Dhaka, BANGLADESH: “End Landgrabbing!, this was declared by the participants of the 20-day “South Asian Caravan on Climate, Gender, and Food Sovereignty 2011” held from 15 November until 4 December 2011 from North to South Bangladesh covering 12 Districts and 18 Sub-districts. The statement said that leaders and representatives of the Asian Peasant Coalition (APC) coming from the Philippines, India, Nepal and Sri Lanka joined the caravan organized by the Bangladesh Krishok Federation (BKF, Peasants federation), the Bangladesh Kishani Sabha (BKS, peasant women’s organization) and La Via Campesina.
“The caravan across Bangladesh brought the people together for climate justice and peoples solutions to the climate crisis. We were joined different peasant organizations coming from India, Pakistan; Sri Lanka; Nepal, and the Philippines; as well as friends from the U.K.; Germany, and Australia,” said Badrul Alam, APC Vice-chairperson for External Affairs and concurrent BKF President.
“In many villages we held meetings, workshops and seminars on the key issues facing our communities. Our very existence is becoming precarious through landlessness and land grabbing; local government corruption; and the imposition of industrial market-based agricultural methods (including the use of chemical pesticides and fertilizers) which have increased our production costs, and debts. While the prices that we receive for our produce is so low that many farmers end up in a cycle of indebtedness and poverty,” added Alam.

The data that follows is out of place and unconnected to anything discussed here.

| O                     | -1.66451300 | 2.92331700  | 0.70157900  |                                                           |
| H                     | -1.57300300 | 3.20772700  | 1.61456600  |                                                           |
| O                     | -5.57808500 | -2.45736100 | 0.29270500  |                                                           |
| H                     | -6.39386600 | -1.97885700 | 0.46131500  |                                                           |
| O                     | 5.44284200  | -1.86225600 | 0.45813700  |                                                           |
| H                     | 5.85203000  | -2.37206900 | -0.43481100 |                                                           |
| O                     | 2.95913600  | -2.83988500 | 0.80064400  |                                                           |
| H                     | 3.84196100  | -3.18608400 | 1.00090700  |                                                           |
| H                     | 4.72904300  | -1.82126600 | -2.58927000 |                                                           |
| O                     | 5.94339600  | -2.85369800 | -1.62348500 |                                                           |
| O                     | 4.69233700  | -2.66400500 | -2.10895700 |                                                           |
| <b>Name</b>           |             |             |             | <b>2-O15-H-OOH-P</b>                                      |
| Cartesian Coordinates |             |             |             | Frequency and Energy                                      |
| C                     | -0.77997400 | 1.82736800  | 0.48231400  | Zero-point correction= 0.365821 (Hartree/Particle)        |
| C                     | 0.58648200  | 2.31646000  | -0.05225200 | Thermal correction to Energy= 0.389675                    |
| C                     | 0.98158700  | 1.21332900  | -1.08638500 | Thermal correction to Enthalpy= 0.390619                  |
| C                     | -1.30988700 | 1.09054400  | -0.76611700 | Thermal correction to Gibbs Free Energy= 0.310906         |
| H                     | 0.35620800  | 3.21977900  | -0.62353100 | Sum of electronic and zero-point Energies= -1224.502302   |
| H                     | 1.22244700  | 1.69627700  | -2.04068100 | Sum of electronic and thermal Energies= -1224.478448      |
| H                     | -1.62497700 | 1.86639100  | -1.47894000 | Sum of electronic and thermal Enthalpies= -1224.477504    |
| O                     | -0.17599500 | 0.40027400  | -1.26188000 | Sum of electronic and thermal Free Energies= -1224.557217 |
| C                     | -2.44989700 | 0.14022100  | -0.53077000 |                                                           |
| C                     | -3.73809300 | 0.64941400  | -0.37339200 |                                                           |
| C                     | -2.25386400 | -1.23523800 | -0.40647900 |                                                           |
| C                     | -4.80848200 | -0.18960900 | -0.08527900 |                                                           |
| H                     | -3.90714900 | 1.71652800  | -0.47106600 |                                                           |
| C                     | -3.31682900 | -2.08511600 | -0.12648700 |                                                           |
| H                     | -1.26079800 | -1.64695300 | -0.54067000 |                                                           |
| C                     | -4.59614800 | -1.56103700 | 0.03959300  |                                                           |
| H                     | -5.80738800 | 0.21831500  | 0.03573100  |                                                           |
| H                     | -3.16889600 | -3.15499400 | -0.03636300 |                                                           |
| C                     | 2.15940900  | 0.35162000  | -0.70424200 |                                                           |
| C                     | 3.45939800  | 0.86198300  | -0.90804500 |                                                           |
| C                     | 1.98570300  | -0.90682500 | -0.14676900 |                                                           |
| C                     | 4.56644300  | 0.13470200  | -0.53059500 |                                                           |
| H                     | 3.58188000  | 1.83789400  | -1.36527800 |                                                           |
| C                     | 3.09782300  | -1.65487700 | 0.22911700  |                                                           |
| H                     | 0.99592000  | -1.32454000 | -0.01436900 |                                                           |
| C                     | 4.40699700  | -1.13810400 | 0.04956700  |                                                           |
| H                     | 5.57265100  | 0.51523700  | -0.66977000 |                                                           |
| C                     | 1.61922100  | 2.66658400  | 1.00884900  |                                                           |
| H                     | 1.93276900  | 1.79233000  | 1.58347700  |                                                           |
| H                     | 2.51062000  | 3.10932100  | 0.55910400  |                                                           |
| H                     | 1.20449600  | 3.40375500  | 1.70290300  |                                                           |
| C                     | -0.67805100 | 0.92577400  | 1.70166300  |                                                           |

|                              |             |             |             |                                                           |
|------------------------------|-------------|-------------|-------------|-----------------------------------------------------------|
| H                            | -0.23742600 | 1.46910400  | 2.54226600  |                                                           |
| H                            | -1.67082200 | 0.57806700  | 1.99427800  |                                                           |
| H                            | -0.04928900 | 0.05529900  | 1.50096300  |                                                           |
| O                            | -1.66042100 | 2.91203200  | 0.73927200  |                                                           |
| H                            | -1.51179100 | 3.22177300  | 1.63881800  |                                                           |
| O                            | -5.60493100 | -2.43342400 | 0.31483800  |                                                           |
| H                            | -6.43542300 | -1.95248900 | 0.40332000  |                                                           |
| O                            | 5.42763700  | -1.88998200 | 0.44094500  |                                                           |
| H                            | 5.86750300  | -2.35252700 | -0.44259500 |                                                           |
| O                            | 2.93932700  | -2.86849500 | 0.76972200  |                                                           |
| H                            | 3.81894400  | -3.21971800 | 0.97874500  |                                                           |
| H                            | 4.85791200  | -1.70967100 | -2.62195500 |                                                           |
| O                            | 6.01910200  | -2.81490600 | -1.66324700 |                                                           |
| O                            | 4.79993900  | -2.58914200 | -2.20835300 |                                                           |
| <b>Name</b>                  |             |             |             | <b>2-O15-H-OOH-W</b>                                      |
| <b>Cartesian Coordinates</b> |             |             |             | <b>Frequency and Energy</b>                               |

Antonio Flores, National Treasurer of the Kilusang Magbubukid ng Pilipinas (KMP) or Peasant Movement of the Philippines talked on the situation of the San Mariano farmers in Isabela as they battle against the land grabbing of 11,000 hectares of indigenous peoples’ lands by Philippine and Japanese firms Itochu Corp. & JGC Group that want to set up the biggest bioethanol project in the country using sugarcane feedstock. The project also consists of a 19 megawatt cogeneration and ethanol processing facilities concentrated in San Mariano.
“On the other hand, the targeted project area has a potential crop yield of 80 to 90 cavans per hectares for irrigated lands and 60 cavans/hectares for upland rice. If the project pushes through, it will significantly reduce the food production capacity of the community. The affected communities are calling for the project to be withdrawn, ultimately respecting their welfare as well as the gains of the greater majority of stakeholders, rather than advancing the profits and interests of foreign corporations along with a few national accomplices in the government,” added Flores … (full text).